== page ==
‘No credible evidence’: Academics hit out at Gonski report

‘No credible evidence’: Academics hit out at Gonski report
Earlier this month a leading policy think tank, the Centre for Independent Studies (CIS), released its report on how schools should make the best use of the Federal Government’s $23.5bn funding splash.

The report – titled: Getting the most out of Gonski 2.0: The evidence base for school investments – tapped into an ongoing debate over phonics, literacy, and behaviour management.

However, with submissions for David Gonski’s review on funding for education initiatives closing in two days, some leading researchers question the validity of the report.

Professor Linda Graham, leader of the Student Engagement, Learning & Behaviour (SELB) Research Group at the Queensland University of Technology, said the CIS report provided no credible evidence to support the claim that Australia has high levels of classroom misbehaviour.

“Their comments contradict recent research from UniSA which provides a more nuanced account from teachers at the chalkface,” she said.

According to this research, says Graham, Australian students are generally cooperative and only a small percentage of them engage in deliberately disruptive behaviour.

Dr David Armstrong of Flinders University disputed the report’s claim that teachers need more training in behaviour management and techniques for teaching reading, such as phonics, pointing to research from Australia, the UK and the US.

“The research suggests that attempts to improve children’s academic performance through managing their behaviour can backfire,” he said.

“They often lead to a punitive cycle of intervention and teacher frustration until the situation escalates to exclusion. Children who have a disability, who are from disadvantaged backgrounds of have a mental health difficulty often suffer most in these circumstances.”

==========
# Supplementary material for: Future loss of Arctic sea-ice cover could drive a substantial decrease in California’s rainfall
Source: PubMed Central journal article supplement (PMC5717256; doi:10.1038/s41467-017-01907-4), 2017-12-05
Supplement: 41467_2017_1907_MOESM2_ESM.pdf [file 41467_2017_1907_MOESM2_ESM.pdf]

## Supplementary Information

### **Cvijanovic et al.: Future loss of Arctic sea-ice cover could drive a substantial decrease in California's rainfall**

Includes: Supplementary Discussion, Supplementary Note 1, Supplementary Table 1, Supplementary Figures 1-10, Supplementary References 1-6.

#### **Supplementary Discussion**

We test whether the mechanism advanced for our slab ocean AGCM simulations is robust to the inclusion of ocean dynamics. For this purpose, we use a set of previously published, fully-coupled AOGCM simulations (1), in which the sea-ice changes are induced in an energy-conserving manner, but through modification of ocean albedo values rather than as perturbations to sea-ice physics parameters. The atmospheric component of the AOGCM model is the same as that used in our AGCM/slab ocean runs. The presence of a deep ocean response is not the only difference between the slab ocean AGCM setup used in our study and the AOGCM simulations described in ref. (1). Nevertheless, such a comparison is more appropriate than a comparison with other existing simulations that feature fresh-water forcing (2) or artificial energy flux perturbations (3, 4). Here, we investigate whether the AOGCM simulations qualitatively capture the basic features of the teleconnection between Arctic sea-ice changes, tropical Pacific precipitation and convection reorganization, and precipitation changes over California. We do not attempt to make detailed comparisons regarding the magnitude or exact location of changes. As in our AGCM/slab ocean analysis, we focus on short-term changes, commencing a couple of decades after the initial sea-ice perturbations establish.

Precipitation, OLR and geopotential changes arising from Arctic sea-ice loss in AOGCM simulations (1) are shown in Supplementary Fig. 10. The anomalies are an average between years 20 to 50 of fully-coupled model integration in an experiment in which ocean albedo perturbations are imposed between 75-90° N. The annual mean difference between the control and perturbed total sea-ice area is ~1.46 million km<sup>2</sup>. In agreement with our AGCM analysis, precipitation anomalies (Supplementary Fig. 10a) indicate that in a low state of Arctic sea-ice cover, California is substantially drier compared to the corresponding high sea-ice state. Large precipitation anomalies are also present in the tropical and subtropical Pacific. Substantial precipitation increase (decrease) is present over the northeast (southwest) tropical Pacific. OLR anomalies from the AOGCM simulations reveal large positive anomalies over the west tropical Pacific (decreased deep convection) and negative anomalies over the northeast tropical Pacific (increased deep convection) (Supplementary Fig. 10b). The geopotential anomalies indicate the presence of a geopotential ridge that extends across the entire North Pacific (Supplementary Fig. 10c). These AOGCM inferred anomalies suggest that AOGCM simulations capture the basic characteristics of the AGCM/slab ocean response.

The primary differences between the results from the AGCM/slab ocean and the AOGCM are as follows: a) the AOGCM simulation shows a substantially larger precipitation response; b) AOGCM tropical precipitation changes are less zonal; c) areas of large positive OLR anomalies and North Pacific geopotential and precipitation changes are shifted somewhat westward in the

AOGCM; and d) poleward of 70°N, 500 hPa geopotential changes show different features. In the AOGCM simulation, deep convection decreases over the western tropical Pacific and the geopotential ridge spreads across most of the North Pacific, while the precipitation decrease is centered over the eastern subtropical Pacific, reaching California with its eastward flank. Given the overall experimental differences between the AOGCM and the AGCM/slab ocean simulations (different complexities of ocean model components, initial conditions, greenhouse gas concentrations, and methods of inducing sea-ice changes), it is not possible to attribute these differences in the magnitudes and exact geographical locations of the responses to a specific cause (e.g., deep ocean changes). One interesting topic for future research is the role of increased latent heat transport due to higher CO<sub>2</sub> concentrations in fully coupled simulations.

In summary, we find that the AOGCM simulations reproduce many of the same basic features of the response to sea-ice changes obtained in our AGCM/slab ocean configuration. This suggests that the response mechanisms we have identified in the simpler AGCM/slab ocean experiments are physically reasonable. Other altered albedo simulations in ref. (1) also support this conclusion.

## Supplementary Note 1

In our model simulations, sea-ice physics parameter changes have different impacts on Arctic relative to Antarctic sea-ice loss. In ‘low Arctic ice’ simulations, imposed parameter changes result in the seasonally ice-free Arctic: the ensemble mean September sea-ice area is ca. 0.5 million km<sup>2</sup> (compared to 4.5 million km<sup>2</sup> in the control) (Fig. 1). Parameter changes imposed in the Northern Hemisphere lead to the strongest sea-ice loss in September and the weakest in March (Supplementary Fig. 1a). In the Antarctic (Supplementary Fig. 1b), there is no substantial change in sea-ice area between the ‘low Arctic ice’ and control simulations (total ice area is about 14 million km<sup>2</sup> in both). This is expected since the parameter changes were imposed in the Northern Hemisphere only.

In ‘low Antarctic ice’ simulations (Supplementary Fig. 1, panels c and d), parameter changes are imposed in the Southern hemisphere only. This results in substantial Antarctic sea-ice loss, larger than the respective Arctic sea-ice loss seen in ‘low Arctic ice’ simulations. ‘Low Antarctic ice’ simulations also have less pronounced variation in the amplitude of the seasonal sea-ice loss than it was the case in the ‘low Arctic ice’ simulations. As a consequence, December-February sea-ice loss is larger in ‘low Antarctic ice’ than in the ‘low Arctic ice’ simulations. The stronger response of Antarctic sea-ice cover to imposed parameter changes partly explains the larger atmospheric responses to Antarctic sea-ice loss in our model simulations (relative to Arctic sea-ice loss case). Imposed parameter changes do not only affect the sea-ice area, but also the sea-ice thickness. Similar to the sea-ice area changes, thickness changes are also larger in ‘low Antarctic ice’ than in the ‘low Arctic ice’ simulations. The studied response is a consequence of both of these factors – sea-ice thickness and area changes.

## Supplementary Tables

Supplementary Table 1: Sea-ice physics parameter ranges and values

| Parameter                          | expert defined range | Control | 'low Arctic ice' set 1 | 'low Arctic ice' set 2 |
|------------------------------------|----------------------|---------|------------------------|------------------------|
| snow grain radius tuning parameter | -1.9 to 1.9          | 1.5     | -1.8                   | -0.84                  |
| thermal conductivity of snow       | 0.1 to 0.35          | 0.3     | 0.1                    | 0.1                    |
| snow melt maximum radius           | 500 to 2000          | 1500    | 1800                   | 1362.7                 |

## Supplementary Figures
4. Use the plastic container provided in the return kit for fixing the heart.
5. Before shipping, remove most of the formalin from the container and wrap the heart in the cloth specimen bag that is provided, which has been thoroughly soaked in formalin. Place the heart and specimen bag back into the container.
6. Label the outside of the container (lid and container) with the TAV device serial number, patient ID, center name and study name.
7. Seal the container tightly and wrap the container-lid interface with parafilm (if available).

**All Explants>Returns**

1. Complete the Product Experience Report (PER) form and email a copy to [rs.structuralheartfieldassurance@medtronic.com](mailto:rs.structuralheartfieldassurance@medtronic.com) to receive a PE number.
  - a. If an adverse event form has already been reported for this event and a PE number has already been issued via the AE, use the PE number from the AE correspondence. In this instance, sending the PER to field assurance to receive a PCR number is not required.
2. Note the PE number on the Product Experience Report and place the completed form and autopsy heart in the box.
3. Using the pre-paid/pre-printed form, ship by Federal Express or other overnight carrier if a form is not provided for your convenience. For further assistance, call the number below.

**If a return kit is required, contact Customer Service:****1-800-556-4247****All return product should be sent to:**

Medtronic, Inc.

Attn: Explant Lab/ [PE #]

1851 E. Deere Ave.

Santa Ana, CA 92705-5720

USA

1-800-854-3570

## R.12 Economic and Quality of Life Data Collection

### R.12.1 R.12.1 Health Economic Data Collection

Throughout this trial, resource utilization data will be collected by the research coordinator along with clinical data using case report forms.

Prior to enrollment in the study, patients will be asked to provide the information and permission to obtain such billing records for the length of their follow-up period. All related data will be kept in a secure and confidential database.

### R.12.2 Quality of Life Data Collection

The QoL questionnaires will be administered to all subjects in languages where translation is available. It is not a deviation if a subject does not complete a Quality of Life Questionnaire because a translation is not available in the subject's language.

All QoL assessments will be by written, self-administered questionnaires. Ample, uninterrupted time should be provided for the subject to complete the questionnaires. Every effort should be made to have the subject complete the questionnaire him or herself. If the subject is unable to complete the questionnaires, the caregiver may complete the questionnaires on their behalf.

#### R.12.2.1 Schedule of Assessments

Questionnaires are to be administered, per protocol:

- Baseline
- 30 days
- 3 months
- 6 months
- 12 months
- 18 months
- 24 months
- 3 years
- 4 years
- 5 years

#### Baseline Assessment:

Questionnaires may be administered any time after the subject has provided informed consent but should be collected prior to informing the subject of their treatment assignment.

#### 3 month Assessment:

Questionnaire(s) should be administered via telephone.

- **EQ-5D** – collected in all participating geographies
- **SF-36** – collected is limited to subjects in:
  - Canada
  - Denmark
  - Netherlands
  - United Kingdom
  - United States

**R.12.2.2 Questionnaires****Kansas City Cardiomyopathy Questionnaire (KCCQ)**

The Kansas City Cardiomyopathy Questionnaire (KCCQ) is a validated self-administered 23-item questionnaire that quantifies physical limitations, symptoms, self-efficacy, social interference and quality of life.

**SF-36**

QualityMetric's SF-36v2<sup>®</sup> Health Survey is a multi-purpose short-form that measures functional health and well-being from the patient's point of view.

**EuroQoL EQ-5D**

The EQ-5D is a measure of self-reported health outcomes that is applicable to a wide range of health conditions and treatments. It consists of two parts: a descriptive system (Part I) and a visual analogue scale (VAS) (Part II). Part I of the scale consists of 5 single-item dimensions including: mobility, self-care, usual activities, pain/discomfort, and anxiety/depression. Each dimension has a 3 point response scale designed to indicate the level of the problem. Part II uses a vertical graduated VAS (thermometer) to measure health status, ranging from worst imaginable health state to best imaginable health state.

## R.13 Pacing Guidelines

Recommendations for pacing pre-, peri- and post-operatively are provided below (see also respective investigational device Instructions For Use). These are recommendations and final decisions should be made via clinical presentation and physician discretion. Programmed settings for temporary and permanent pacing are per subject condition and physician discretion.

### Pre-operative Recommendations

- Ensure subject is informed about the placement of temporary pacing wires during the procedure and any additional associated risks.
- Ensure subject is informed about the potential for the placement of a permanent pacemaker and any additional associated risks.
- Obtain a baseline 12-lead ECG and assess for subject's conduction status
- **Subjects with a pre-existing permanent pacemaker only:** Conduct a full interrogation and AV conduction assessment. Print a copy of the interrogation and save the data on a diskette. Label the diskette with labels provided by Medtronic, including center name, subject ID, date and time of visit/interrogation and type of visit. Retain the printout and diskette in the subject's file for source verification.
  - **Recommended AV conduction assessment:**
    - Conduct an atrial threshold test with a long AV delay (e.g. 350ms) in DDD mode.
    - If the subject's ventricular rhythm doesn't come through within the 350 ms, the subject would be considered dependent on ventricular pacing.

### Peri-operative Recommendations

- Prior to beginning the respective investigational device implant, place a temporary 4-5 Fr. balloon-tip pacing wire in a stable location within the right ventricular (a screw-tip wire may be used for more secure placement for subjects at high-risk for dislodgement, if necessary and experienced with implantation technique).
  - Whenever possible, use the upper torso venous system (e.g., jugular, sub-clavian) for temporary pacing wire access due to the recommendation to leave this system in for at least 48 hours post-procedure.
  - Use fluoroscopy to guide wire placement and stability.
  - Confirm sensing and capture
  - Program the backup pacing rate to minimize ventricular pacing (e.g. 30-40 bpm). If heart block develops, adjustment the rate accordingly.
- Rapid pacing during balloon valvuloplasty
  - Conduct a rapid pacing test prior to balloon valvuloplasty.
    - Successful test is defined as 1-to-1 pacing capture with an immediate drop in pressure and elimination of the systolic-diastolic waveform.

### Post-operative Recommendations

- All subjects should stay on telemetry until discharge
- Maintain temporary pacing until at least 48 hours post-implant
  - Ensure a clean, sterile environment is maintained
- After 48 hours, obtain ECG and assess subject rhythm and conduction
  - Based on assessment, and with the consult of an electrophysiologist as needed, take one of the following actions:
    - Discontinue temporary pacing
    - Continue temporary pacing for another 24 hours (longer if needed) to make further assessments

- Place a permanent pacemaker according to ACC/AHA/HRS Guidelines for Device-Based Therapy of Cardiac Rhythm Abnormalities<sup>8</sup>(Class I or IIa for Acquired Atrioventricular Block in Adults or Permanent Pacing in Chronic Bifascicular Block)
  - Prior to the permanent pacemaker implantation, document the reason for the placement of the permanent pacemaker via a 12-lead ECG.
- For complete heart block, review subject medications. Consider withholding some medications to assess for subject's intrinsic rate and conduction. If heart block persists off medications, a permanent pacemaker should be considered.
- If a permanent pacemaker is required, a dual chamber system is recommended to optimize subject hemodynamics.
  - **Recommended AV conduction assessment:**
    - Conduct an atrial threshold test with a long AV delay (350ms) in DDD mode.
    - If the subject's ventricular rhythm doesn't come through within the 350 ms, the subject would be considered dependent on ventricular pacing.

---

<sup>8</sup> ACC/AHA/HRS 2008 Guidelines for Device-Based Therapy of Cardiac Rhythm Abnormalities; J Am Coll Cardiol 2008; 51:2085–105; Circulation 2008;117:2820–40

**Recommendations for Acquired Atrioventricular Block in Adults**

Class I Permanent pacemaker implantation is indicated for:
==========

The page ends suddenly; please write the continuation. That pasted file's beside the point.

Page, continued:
Armstrong says that during a recent study on mental health, many academics expressed concern that child mental health was being “crowded out” of the curriculum by instruction on how to control children’s behaviour so that they performed academically, or by a focus on literacy or numeracy.

“The ‘behaviour management’ concept is outdated and requires urgent reform in favour of modern research-informed perspectives from developmental psychology and behavioural science,” he said.

“Framing children as mini-performers in a competitive academic environment is also counterproductive for the academic performance of many typically-developing children and adverse for their psychological welfare.”

However, Professor Pamela Snow of La Trobe University says the CIS report makes some important points.

“The ongoing debate concerning uneven and in some cases, disappointing reading skills of Australian children typically comes back, in large part, to the way children are taught to read in the early years.

“The extent to which children arrive at school with a well-developed language ‘toolkit’ is extremely variable – hence it is critical that teachers are knowledgeable about these aspects of language and how to promote them as the basis for the transition to literacy.”

Snow said, consistent with the CIS report, evidence from Australia and overseas consistently shows that teachers as a group have inadequate explicit knowledge of the structural aspects of language.

“Approaches such as ‘balanced literacy’ are eclectic rather than systematic and so leave much to chance and individual interpretation in early years classrooms,” Snow said.

“My experience working with teachers at a postgraduate level is that they do not feel well-prepared to understand and respond to the challenging behaviours displayed by students with complex underlying emotional / mental health needs.”

Snow pointed out that emotional self-regulation, attention, and academic achievement are closely inter-connected in the early years.

“We do teachers and their students a great disservice when we do not provide explicit pedagogy, coaching, and support in evidence-based ways to address these fundamentals in the early years’ classroom,” she said.

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